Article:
Editorial: Valley communities take note, Davis charts its own energy path

The PV USA solar farm near Davis is a ready source of renewable power.
The PV USA solar farm near Davis is a ready source of renewable power. The Sacramento Bee File

The city of Davis and Yolo County, north of the San Joaquin Valley, are taking a step toward energy independence, and other municipalities ought to take notice.

At its meeting March 15, the Davis City Council unanimously approved a plan to create a hybrid in the world of electricity, a concept called community choice energy.

The hybrid isn’t a municipal utility district, like the Sacramento Municipal Utility District, which has served Sacramento well with excellent service and reasonable prices. Nor would electricity customers in Davis and Yolo County remain subject to Pacific Gas and Electric, the private utility that provides electricity to its residents.

Instead, starting about 18 months from now, Davis will offer residents the option of getting greener electricity at a lower price. The Yolo County Board of Supervisors also voted unanimously to enter into the pact with the city of Davis.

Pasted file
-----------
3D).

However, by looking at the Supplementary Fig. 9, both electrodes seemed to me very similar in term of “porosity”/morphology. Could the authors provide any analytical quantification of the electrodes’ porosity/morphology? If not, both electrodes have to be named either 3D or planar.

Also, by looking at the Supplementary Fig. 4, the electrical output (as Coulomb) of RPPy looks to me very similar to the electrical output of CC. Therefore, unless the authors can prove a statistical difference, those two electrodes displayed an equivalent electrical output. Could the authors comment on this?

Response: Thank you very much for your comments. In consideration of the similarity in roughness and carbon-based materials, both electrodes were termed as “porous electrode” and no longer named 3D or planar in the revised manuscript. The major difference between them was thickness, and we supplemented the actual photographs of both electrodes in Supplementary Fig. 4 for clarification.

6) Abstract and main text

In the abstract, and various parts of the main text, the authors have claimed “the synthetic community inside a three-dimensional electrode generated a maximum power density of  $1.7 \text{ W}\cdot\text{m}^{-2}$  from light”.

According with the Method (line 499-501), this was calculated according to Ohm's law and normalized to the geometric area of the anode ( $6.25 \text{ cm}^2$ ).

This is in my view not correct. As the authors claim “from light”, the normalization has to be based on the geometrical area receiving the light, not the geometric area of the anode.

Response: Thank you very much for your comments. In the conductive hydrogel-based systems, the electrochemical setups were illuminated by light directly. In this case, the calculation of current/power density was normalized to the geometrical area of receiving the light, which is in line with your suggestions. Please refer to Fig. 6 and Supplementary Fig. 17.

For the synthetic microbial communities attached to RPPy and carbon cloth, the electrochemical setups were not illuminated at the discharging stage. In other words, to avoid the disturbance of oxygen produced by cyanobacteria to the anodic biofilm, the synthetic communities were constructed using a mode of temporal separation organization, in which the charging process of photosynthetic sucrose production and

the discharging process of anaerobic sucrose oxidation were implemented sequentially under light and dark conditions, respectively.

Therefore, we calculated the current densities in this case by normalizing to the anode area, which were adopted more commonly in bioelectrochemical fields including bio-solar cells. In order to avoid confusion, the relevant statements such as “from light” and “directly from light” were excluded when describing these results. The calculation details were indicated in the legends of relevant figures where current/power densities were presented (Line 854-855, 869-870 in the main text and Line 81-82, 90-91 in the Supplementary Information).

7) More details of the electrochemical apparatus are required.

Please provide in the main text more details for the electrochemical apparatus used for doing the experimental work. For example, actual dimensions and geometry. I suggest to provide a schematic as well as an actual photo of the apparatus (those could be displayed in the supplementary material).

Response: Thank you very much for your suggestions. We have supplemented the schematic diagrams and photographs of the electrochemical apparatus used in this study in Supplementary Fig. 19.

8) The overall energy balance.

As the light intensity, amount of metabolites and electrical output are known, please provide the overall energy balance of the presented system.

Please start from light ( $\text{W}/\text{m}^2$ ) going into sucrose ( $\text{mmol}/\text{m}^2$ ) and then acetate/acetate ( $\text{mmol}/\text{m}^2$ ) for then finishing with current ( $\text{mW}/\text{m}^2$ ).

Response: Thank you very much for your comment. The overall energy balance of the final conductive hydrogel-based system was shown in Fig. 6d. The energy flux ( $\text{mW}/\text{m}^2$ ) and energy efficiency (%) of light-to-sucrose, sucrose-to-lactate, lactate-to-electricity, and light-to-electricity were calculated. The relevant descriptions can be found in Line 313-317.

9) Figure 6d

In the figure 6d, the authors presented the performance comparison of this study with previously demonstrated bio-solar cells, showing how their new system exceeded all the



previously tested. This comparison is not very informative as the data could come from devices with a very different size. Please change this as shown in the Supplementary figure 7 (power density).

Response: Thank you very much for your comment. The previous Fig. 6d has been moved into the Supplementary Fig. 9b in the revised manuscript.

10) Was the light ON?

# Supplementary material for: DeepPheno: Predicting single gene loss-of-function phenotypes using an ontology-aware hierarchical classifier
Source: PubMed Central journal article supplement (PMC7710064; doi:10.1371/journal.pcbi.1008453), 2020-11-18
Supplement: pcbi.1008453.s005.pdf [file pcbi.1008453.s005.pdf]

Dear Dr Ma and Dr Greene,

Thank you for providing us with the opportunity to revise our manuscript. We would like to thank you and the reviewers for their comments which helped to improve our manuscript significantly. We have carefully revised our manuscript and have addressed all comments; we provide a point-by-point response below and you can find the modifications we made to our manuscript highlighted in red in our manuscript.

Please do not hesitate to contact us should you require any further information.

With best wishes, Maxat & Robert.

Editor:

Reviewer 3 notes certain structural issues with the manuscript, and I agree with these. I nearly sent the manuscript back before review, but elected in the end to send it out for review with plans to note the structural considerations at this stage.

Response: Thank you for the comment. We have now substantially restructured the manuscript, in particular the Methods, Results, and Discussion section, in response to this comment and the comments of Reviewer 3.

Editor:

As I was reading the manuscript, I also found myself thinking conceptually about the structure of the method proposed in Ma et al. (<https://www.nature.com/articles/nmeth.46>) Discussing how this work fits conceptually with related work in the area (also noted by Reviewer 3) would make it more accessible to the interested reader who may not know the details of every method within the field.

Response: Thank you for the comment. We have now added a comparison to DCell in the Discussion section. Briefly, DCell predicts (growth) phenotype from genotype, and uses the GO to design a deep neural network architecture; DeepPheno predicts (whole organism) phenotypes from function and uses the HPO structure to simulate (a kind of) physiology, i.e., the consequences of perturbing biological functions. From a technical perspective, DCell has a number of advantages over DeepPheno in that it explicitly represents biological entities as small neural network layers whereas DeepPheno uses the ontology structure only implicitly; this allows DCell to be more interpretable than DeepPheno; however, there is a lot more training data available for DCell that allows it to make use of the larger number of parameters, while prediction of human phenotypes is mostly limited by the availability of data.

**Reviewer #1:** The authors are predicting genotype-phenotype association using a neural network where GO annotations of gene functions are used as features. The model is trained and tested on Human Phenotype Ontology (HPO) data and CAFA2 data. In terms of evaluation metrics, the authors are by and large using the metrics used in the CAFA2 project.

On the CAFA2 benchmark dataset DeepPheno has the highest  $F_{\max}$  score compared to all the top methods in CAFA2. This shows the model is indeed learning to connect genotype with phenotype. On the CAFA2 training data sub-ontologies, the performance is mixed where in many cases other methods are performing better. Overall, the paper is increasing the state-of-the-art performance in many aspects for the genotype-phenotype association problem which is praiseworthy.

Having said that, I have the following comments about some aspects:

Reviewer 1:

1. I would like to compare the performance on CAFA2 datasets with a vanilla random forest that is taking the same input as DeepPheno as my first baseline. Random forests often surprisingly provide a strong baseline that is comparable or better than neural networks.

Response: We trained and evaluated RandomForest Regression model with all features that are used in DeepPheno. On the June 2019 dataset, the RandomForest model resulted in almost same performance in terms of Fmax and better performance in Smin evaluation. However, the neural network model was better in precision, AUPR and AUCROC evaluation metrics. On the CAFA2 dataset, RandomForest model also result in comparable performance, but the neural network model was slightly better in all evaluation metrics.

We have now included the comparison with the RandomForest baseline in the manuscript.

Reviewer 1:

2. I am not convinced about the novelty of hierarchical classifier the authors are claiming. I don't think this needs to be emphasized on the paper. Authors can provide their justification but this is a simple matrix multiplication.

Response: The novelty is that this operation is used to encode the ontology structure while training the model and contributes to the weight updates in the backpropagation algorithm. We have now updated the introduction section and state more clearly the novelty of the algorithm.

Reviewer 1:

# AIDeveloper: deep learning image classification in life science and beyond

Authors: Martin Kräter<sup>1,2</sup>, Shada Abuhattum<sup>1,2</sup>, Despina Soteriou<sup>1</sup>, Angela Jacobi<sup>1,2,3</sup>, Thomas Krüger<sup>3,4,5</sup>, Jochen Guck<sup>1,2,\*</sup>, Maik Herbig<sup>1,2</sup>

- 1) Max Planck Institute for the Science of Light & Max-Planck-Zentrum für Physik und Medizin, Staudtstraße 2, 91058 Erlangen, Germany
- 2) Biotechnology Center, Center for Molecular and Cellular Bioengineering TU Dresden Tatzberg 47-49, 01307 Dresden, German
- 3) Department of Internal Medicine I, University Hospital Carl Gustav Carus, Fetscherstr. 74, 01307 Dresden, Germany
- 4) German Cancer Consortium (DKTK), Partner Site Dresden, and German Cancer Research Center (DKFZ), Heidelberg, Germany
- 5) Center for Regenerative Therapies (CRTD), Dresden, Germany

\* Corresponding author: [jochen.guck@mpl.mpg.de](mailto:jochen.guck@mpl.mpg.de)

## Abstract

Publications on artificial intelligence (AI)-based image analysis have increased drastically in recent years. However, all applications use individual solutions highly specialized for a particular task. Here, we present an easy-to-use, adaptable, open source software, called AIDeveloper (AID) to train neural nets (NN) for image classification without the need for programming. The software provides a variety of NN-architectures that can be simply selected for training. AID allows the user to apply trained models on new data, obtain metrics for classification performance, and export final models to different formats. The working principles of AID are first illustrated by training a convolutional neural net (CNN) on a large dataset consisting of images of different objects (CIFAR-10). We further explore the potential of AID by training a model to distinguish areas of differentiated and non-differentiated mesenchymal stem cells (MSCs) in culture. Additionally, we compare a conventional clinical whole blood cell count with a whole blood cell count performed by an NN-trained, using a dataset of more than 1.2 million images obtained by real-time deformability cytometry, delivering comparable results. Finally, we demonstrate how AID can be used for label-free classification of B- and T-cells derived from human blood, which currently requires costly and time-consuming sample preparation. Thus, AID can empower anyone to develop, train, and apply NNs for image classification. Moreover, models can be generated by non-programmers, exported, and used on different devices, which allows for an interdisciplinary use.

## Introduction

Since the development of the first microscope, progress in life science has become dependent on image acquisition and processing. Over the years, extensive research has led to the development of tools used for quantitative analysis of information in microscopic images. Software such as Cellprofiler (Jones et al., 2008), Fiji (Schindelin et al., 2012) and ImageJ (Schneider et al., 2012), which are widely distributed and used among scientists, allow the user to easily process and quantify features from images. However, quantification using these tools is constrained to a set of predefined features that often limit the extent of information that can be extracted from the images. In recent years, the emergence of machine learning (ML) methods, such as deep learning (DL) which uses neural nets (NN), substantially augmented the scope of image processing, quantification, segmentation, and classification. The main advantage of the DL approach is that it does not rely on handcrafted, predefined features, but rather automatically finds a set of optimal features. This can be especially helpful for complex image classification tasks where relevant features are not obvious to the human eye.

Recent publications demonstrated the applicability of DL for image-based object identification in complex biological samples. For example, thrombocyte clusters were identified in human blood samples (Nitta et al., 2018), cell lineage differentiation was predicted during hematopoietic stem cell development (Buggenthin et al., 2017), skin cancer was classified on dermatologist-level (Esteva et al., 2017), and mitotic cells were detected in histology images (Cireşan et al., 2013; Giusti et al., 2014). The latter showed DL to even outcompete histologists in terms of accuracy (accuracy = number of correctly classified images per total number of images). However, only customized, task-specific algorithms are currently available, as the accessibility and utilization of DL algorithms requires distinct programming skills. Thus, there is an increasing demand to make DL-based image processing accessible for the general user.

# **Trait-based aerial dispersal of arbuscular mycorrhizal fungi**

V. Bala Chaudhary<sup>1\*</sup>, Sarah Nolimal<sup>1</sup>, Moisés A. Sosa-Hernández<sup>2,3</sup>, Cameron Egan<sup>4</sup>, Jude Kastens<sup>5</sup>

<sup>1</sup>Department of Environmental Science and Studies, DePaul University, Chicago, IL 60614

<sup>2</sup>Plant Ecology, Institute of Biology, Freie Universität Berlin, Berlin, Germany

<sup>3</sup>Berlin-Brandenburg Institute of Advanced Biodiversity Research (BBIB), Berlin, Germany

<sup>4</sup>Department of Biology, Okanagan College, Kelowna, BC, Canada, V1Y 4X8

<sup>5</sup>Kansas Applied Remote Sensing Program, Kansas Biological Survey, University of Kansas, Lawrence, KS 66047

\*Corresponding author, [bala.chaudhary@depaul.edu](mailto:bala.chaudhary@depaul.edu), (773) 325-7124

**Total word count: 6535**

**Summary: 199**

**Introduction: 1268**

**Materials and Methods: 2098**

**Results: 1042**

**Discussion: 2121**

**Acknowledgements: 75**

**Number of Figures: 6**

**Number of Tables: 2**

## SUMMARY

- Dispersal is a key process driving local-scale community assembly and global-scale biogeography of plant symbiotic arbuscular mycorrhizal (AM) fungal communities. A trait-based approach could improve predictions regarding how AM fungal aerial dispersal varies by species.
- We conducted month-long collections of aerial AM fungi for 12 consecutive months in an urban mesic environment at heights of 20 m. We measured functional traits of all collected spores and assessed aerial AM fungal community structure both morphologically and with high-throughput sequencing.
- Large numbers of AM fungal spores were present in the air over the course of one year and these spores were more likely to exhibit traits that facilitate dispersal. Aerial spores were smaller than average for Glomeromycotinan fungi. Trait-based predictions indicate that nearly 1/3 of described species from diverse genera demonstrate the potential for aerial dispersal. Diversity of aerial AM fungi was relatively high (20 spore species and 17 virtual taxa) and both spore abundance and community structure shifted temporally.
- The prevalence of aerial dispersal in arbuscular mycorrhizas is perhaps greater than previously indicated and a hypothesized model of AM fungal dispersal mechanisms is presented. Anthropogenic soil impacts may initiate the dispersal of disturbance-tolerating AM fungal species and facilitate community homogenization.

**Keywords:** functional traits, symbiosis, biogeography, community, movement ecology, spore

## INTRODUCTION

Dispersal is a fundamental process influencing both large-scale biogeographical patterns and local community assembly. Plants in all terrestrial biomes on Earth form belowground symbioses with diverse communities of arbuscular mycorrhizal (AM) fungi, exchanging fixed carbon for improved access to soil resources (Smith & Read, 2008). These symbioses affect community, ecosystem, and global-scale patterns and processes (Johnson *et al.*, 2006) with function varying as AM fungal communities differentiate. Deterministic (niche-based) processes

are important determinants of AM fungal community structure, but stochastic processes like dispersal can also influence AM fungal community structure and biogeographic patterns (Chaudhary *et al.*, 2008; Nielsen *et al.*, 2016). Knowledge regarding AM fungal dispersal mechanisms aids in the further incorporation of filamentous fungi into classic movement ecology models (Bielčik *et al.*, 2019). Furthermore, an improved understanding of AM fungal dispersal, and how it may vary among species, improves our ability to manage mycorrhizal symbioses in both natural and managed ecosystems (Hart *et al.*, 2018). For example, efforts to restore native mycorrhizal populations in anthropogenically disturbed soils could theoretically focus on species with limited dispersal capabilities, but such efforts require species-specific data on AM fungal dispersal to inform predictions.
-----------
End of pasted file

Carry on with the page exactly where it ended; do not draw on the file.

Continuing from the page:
Davis and Yolo County still would rely on PG&E for distribution and billing, while creating a nonprofit that would locate and buy greener energy, and provide it at a lower cost to businesses and residents.

PG&E customers each month pay a public goods charge. Although the individual payments are small, the charge generates an estimated $4 million a year in Davis and Yolo County. The nonprofit that would oversee the system could spend that money locally, investing in new generation, energy efficiency, or battery systems to store electricity.

The Davis Enterprise reported that the program is expected to reduce energy rates by 8.7 percent over a 10-year period while also accruing a 4-percent reserve. Reserves, the newspaper said, would go toward bulking up the city’s renewable energy infrastructure.

Davis has a ready source of renewable power in the 86-acre solar farm on the northern edge of the city, PV USA. That facility supplies electricity for municipal uses, and could be amped up to provide more electricity for residents.

Marin and Sonoma counties and the city of Lancaster already have blazed this particular trail, and it’s working.

The goal is lofty: to provide more renewable energy, decrease greenhouse gas emissions, and give residents a break on their electricity bills.

No doubt, there are pitfalls. But community choice energy is worth whatever risk there might be.

Given the number of solar farms in our Valley – and the many more coming – our public officials should examine community choice programs throughout California and determine if they would benefit residents here.